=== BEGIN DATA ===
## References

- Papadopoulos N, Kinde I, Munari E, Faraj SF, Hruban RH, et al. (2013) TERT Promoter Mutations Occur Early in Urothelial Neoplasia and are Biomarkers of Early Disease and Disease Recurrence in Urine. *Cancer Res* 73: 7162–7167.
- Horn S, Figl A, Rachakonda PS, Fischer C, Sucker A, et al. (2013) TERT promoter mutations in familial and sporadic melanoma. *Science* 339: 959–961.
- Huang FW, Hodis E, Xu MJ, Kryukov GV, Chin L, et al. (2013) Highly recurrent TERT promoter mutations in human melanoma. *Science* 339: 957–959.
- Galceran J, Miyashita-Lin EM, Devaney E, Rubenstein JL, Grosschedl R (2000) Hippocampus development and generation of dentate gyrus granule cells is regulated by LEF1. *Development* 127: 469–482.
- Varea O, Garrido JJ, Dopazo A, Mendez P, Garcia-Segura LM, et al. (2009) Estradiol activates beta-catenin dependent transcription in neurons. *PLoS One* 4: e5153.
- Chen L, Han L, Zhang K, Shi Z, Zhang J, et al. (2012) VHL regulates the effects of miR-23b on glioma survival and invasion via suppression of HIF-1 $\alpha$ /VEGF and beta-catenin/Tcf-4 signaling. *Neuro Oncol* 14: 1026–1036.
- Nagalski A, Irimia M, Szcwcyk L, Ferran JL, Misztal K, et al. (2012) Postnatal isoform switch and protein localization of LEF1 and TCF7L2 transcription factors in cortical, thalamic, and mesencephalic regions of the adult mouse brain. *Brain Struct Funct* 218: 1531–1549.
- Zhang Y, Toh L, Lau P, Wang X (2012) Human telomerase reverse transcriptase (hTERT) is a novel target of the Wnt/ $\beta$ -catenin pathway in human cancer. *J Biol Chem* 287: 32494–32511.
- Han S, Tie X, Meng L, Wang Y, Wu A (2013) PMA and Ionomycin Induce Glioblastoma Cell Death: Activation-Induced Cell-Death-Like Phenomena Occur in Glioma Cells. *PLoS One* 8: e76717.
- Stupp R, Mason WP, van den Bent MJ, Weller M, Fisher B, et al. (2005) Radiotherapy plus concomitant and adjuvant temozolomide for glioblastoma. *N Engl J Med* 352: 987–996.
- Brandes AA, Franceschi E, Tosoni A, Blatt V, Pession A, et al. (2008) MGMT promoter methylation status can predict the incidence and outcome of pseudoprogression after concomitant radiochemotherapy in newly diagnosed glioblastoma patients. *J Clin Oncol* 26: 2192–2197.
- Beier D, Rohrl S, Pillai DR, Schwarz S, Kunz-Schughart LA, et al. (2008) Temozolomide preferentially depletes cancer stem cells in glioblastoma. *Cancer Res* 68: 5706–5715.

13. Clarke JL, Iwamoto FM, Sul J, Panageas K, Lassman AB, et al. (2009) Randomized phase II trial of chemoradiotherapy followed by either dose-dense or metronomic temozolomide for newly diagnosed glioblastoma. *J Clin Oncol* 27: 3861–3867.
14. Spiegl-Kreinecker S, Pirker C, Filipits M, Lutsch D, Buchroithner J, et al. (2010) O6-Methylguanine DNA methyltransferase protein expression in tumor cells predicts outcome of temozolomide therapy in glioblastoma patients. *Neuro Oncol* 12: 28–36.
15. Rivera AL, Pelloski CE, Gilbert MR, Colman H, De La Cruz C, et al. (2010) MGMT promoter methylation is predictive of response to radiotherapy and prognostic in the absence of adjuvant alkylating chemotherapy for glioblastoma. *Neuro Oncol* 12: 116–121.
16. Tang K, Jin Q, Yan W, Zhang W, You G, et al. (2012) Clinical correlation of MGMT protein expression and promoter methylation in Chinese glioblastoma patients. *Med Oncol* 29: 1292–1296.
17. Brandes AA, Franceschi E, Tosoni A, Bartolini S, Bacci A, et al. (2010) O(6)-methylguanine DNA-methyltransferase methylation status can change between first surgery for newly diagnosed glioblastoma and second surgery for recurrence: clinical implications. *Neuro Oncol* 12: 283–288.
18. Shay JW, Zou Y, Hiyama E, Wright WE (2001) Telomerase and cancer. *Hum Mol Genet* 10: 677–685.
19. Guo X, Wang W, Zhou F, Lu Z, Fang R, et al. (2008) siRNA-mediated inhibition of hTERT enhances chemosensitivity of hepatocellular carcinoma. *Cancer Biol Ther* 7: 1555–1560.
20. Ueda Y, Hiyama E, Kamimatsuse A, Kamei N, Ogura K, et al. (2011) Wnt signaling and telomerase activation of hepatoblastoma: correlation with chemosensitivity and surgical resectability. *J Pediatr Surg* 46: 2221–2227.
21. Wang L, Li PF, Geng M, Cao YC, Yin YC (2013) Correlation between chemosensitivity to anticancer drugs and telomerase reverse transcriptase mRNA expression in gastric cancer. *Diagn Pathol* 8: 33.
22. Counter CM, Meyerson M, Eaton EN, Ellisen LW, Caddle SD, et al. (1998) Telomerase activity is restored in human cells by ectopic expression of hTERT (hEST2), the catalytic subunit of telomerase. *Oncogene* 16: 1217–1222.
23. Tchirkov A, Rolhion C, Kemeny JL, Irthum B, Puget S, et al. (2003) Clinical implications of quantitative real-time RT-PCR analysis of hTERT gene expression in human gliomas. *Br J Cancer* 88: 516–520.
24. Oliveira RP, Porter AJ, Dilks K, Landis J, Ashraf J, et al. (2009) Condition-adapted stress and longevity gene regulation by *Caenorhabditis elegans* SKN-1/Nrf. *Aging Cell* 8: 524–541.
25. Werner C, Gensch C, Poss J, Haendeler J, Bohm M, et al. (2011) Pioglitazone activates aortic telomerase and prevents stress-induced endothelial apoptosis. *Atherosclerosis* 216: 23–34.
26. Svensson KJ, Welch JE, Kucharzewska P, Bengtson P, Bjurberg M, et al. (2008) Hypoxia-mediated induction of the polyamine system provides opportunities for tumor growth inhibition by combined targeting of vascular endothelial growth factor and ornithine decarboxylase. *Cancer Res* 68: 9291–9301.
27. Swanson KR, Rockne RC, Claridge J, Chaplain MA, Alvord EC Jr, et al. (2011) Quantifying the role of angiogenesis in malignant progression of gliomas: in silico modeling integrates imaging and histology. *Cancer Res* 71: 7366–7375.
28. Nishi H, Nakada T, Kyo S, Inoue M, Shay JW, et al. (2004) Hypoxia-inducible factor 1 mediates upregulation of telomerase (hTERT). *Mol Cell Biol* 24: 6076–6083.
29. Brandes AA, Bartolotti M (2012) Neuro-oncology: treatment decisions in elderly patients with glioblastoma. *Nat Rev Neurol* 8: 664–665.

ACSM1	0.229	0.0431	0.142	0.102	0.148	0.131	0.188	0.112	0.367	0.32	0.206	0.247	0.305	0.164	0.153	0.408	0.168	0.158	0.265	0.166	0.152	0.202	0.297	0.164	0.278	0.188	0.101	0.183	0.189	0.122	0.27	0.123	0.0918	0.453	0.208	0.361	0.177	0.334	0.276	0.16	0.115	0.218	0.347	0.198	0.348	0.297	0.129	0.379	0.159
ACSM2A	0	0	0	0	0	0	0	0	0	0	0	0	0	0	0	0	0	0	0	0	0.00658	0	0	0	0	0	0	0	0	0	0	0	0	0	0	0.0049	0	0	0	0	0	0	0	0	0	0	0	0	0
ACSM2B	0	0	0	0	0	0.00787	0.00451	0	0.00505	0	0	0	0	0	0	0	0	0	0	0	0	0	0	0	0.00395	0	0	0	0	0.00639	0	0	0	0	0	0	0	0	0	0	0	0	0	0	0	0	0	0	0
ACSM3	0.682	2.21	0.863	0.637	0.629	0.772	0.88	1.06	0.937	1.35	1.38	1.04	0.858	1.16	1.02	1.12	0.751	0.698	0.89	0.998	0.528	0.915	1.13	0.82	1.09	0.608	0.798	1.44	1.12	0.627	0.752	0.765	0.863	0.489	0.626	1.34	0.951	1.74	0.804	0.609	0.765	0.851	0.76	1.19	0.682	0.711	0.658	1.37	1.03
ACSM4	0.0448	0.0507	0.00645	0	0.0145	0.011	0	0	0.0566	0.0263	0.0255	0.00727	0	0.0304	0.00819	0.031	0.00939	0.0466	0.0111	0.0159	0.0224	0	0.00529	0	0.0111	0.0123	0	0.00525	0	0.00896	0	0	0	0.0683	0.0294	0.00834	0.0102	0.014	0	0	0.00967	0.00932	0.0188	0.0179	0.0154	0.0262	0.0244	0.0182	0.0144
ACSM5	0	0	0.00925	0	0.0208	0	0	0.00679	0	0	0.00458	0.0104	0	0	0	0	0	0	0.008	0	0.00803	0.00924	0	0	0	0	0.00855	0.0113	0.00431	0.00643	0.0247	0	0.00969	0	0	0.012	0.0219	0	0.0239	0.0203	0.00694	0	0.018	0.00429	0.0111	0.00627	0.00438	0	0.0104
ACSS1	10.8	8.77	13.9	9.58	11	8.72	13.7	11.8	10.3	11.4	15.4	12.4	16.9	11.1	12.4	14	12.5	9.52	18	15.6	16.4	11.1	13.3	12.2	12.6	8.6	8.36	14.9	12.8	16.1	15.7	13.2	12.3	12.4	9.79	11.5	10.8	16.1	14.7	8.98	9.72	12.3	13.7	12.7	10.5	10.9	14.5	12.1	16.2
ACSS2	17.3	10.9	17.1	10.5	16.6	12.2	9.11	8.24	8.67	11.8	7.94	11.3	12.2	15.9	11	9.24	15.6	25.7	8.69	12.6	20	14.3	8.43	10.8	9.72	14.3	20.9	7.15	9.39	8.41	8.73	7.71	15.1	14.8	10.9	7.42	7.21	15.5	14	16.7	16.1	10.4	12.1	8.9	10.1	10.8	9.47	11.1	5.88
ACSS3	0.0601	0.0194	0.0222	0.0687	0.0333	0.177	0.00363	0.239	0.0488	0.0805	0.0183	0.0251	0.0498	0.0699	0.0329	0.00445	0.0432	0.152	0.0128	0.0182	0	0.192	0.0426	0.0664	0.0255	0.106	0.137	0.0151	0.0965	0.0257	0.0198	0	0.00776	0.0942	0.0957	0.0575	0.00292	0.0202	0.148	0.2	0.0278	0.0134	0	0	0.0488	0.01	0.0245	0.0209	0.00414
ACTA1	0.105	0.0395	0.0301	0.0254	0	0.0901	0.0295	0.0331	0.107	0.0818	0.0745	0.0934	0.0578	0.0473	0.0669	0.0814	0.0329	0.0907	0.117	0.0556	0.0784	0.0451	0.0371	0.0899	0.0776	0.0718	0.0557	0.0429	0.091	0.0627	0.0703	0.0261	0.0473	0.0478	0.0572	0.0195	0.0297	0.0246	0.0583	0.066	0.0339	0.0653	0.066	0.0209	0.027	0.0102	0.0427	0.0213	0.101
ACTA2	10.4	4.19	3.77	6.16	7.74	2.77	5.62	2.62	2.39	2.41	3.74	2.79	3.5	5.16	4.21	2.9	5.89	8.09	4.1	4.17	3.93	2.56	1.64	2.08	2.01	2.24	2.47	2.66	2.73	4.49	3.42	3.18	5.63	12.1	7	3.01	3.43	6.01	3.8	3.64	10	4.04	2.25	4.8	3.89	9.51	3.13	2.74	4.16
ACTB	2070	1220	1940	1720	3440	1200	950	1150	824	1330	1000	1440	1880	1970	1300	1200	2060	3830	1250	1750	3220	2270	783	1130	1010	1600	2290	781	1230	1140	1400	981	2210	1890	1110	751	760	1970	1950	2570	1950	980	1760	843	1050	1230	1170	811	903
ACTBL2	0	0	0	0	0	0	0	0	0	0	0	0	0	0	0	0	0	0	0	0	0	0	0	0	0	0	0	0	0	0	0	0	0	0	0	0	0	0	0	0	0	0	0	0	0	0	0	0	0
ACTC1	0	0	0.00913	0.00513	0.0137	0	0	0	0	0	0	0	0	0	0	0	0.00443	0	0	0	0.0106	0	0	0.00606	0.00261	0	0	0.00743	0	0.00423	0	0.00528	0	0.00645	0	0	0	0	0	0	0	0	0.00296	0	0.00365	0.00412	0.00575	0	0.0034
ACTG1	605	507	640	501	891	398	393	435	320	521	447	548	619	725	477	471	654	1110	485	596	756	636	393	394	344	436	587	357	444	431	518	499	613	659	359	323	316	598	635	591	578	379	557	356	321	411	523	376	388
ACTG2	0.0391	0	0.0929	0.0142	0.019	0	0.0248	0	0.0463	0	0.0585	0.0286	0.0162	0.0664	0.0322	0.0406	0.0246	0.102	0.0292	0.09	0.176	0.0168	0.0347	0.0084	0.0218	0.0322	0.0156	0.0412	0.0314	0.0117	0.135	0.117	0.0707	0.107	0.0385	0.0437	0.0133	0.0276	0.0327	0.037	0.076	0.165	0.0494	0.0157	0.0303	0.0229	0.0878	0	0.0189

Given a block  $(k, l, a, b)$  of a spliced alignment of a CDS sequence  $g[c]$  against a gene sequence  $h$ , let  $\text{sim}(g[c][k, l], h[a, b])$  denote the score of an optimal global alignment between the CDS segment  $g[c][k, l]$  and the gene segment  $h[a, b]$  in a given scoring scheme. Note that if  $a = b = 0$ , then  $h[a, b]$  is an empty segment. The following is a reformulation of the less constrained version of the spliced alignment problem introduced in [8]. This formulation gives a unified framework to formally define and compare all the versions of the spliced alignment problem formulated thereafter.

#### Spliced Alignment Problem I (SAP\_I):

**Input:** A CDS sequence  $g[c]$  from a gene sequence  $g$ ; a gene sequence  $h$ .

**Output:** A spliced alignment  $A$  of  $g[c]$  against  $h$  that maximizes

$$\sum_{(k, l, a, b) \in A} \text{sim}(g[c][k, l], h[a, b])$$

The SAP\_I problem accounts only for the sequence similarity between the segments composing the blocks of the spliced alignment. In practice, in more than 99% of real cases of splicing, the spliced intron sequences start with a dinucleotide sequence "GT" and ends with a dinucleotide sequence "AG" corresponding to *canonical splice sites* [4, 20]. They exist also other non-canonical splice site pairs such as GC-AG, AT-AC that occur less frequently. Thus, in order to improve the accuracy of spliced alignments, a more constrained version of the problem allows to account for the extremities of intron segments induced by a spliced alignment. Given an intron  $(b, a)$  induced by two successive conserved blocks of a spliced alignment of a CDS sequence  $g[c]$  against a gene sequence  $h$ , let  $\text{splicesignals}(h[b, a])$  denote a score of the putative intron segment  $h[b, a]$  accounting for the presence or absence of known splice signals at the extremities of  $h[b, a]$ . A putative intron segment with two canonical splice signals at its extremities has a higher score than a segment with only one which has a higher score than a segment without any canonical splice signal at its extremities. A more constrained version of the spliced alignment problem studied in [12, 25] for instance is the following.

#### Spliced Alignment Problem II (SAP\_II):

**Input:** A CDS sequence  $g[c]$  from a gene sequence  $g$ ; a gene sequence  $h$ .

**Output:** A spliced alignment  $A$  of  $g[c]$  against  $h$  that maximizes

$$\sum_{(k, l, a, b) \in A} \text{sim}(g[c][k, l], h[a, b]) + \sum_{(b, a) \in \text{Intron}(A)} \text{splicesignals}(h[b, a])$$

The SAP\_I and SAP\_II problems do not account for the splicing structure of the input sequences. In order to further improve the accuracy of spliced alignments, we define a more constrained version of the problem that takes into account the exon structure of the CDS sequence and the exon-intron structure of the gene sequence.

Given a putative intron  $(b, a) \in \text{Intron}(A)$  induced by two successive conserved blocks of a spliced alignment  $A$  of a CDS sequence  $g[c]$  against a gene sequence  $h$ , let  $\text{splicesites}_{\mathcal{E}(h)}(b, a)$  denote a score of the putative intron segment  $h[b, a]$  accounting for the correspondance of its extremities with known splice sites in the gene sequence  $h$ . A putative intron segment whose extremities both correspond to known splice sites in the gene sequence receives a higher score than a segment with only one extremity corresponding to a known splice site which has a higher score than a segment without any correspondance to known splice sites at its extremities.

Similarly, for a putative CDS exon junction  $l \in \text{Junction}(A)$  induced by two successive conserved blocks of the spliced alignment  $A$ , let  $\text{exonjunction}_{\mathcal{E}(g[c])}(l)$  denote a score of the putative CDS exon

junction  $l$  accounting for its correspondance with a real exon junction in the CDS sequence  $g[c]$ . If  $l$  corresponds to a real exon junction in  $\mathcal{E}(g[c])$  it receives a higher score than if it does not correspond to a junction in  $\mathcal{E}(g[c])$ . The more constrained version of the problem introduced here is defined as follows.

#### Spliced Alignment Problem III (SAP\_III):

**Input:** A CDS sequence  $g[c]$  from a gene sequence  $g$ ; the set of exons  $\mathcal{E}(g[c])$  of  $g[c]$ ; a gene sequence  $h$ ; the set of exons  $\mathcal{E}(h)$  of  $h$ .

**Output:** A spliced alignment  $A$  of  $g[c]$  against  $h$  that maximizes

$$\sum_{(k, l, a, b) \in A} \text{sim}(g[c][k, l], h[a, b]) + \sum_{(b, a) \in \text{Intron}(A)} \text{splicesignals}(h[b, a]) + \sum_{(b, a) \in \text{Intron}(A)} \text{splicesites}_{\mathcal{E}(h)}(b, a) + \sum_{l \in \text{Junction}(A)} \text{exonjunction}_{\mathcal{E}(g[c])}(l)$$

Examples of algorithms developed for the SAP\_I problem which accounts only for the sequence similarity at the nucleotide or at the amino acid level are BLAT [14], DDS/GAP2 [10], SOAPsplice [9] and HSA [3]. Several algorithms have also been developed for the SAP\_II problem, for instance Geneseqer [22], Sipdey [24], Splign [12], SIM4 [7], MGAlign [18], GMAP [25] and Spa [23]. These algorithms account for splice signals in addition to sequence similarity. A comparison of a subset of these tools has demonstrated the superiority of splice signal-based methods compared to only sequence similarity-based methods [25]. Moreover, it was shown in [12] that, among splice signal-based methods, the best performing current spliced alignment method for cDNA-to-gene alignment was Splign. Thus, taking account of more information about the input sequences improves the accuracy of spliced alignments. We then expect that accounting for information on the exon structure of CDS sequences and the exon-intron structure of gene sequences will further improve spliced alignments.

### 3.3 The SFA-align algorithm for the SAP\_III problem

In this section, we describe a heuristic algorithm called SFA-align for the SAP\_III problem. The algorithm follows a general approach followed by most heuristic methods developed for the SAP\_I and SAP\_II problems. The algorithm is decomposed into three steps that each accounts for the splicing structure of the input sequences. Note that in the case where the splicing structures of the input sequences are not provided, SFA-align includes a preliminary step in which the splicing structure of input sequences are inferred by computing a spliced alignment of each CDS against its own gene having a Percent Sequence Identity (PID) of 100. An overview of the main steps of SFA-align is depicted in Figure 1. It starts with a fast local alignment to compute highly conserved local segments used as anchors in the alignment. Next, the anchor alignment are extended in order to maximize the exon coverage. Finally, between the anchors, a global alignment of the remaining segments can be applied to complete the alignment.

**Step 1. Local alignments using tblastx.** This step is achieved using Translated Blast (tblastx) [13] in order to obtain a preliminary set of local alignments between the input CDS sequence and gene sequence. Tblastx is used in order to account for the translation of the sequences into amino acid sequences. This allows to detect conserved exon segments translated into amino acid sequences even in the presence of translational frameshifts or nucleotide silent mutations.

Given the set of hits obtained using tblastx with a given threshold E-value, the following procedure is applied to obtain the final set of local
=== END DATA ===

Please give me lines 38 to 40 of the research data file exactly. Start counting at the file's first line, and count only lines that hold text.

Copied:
ACSS2	17.3	10.9	17.1	10.5	16.6	12.2	9.11	8.24	8.67	11.8	7.94	11.3	12.2	15.9	11	9.24	15.6	25.7	8.69	12.6	20	14.3	8.43	10.8	9.72	14.3	20.9	7.15	9.39	8.41	8.73	7.71	15.1	14.8	10.9	7.42	7.21	15.5	14	16.7	16.1	10.4	12.1	8.9	10.1	10.8	9.47	11.1	5.88
ACSS3	0.0601	0.0194	0.0222	0.0687	0.0333	0.177	0.00363	0.239	0.0488	0.0805	0.0183	0.0251	0.0498	0.0699	0.0329	0.00445	0.0432	0.152	0.0128	0.0182	0	0.192	0.0426	0.0664	0.0255	0.106	0.137	0.0151	0.0965	0.0257	0.0198	0	0.00776	0.0942	0.0957	0.0575	0.00292	0.0202	0.148	0.2	0.0278	0.0134	0	0	0.0488	0.01	0.0245	0.0209	0.00414
ACTA1	0.105	0.0395	0.0301	0.0254	0	0.0901	0.0295	0.0331	0.107	0.0818	0.0745	0.0934	0.0578	0.0473	0.0669	0.0814	0.0329	0.0907	0.117	0.0556	0.0784	0.0451	0.0371	0.0899	0.0776	0.0718	0.0557	0.0429	0.091	0.0627	0.0703	0.0261	0.0473	0.0478	0.0572	0.0195	0.0297	0.0246	0.0583	0.066	0.0339	0.0653	0.066	0.0209	0.027	0.0102	0.0427	0.0213	0.101